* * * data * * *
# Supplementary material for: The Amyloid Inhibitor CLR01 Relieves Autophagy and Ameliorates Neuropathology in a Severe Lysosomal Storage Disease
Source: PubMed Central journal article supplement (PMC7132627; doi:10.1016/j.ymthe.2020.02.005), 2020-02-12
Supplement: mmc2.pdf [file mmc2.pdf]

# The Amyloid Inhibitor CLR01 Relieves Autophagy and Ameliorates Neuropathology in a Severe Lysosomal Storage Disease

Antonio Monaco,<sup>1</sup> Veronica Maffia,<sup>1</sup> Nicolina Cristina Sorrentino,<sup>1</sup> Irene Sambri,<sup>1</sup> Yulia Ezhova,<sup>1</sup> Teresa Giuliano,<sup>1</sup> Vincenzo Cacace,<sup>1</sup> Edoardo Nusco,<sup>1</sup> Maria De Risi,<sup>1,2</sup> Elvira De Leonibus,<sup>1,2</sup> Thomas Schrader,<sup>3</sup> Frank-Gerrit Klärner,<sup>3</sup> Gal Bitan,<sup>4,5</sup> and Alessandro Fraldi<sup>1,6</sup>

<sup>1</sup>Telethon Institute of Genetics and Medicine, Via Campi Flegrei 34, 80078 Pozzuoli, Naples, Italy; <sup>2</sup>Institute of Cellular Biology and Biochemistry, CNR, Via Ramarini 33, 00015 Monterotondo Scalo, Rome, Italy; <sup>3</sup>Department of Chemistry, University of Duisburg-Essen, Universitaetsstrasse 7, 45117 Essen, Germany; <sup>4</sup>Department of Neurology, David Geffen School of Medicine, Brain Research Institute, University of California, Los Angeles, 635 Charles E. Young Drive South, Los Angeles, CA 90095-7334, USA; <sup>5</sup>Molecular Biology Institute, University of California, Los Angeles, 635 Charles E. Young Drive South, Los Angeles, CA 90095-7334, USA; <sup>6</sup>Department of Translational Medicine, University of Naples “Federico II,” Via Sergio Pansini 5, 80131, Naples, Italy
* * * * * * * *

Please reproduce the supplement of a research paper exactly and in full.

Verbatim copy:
# Supplementary material for: The Amyloid Inhibitor CLR01 Relieves Autophagy and Ameliorates Neuropathology in a Severe Lysosomal Storage Disease
Source: PubMed Central journal article supplement (PMC7132627; doi:10.1016/j.ymthe.2020.02.005), 2020-02-12
Supplement: mmc2.pdf [file mmc2.pdf]

# The Amyloid Inhibitor CLR01 Relieves Autophagy and Ameliorates Neuropathology in a Severe Lysosomal Storage Disease

Antonio Monaco,<sup>1</sup> Veronica Maffia,<sup>1</sup> Nicolina Cristina Sorrentino,<sup>1</sup> Irene Sambri,<sup>1</sup> Yulia Ezhova,<sup>1</sup> Teresa Giuliano,<sup>1</sup> Vincenzo Cacace,<sup>1</sup> Edoardo Nusco,<sup>1</sup> Maria De Risi,<sup>1,2</sup> Elvira De Leonibus,<sup>1,2</sup> Thomas Schrader,<sup>3</sup> Frank-Gerrit Klärner,<sup>3</sup> Gal Bitan,<sup>4,5</sup> and Alessandro Fraldi<sup>1,6</sup>

<sup>1</sup>Telethon Institute of Genetics and Medicine, Via Campi Flegrei 34, 80078 Pozzuoli, Naples, Italy; <sup>2</sup>Institute of Cellular Biology and Biochemistry, CNR, Via Ramarini 33, 00015 Monterotondo Scalo, Rome, Italy; <sup>3</sup>Department of Chemistry, University of Duisburg-Essen, Universitaetsstrasse 7, 45117 Essen, Germany; <sup>4</sup>Department of Neurology, David Geffen School of Medicine, Brain Research Institute, University of California, Los Angeles, 635 Charles E. Young Drive South, Los Angeles, CA 90095-7334, USA; <sup>5</sup>Molecular Biology Institute, University of California, Los Angeles, 635 Charles E. Young Drive South, Los Angeles, CA 90095-7334, USA; <sup>6</sup>Department of Translational Medicine, University of Naples “Federico II,” Via Sergio Pansini 5, 80131, Naples, Italy